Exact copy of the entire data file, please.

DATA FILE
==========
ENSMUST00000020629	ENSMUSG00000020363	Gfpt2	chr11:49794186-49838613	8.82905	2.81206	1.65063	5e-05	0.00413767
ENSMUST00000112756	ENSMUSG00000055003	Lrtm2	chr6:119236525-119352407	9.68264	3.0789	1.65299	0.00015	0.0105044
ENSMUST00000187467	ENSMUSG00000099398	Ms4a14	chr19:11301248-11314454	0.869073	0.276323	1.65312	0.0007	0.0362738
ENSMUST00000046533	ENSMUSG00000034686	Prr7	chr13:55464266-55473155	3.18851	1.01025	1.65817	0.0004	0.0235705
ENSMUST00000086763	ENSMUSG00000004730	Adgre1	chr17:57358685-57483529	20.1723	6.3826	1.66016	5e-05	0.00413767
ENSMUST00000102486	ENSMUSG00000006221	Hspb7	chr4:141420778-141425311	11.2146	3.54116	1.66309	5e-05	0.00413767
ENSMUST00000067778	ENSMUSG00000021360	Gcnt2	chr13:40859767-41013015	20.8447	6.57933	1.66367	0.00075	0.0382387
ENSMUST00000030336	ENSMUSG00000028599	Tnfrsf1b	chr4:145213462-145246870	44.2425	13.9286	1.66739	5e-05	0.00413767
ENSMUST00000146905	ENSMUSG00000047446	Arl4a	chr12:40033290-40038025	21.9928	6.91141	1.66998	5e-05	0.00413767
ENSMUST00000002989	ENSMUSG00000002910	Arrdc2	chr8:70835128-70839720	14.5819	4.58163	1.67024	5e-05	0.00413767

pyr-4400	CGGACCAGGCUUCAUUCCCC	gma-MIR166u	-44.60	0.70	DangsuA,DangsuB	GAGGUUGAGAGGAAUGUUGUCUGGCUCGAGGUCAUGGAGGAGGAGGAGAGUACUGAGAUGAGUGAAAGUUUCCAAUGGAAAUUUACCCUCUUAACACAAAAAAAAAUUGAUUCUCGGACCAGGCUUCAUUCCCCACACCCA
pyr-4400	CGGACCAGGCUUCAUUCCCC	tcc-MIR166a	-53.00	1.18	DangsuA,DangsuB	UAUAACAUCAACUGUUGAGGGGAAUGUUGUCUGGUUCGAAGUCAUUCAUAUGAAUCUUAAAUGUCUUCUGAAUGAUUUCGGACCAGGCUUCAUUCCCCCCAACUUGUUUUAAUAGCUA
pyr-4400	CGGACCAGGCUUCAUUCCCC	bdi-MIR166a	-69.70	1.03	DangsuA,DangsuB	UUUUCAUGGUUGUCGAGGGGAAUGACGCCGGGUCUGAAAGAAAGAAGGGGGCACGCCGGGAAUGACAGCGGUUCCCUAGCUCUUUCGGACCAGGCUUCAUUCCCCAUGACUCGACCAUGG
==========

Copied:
ENSMUST00000020629	ENSMUSG00000020363	Gfpt2	chr11:49794186-49838613	8.82905	2.81206	1.65063	5e-05	0.00413767
ENSMUST00000112756	ENSMUSG00000055003	Lrtm2	chr6:119236525-119352407	9.68264	3.0789	1.65299	0.00015	0.0105044
ENSMUST00000187467	ENSMUSG00000099398	Ms4a14	chr19:11301248-11314454	0.869073	0.276323	1.65312	0.0007	0.0362738
ENSMUST00000046533	ENSMUSG00000034686	Prr7	chr13:55464266-55473155	3.18851	1.01025	1.65817	0.0004	0.0235705
ENSMUST00000086763	ENSMUSG00000004730	Adgre1	chr17:57358685-57483529	20.1723	6.3826	1.66016	5e-05	0.00413767
ENSMUST00000102486	ENSMUSG00000006221	Hspb7	chr4:141420778-141425311	11.2146	3.54116	1.66309	5e-05	0.00413767
ENSMUST00000067778	ENSMUSG00000021360	Gcnt2	chr13:40859767-41013015	20.8447	6.57933	1.66367	0.00075	0.0382387
ENSMUST00000030336	ENSMUSG00000028599	Tnfrsf1b	chr4:145213462-145246870	44.2425	13.9286	1.66739	5e-05	0.00413767
ENSMUST00000146905	ENSMUSG00000047446	Arl4a	chr12:40033290-40038025	21.9928	6.91141	1.66998	5e-05	0.00413767
ENSMUST00000002989	ENSMUSG00000002910	Arrdc2	chr8:70835128-70839720	14.5819	4.58163	1.67024	5e-05	0.00413767

pyr-4400	CGGACCAGGCUUCAUUCCCC	gma-MIR166u	-44.60	0.70	DangsuA,DangsuB	GAGGUUGAGAGGAAUGUUGUCUGGCUCGAGGUCAUGGAGGAGGAGGAGAGUACUGAGAUGAGUGAAAGUUUCCAAUGGAAAUUUACCCUCUUAACACAAAAAAAAAUUGAUUCUCGGACCAGGCUUCAUUCCCCACACCCA
pyr-4400	CGGACCAGGCUUCAUUCCCC	tcc-MIR166a	-53.00	1.18	DangsuA,DangsuB	UAUAACAUCAACUGUUGAGGGGAAUGUUGUCUGGUUCGAAGUCAUUCAUAUGAAUCUUAAAUGUCUUCUGAAUGAUUUCGGACCAGGCUUCAUUCCCCCCAACUUGUUUUAAUAGCUA
pyr-4400	CGGACCAGGCUUCAUUCCCC	bdi-MIR166a	-69.70	1.03	DangsuA,DangsuB	UUUUCAUGGUUGUCGAGGGGAAUGACGCCGGGUCUGAAAGAAAGAAGGGGGCACGCCGGGAAUGACAGCGGUUCCCUAGCUCUUUCGGACCAGGCUUCAUUCCCCAUGACUCGACCAUGG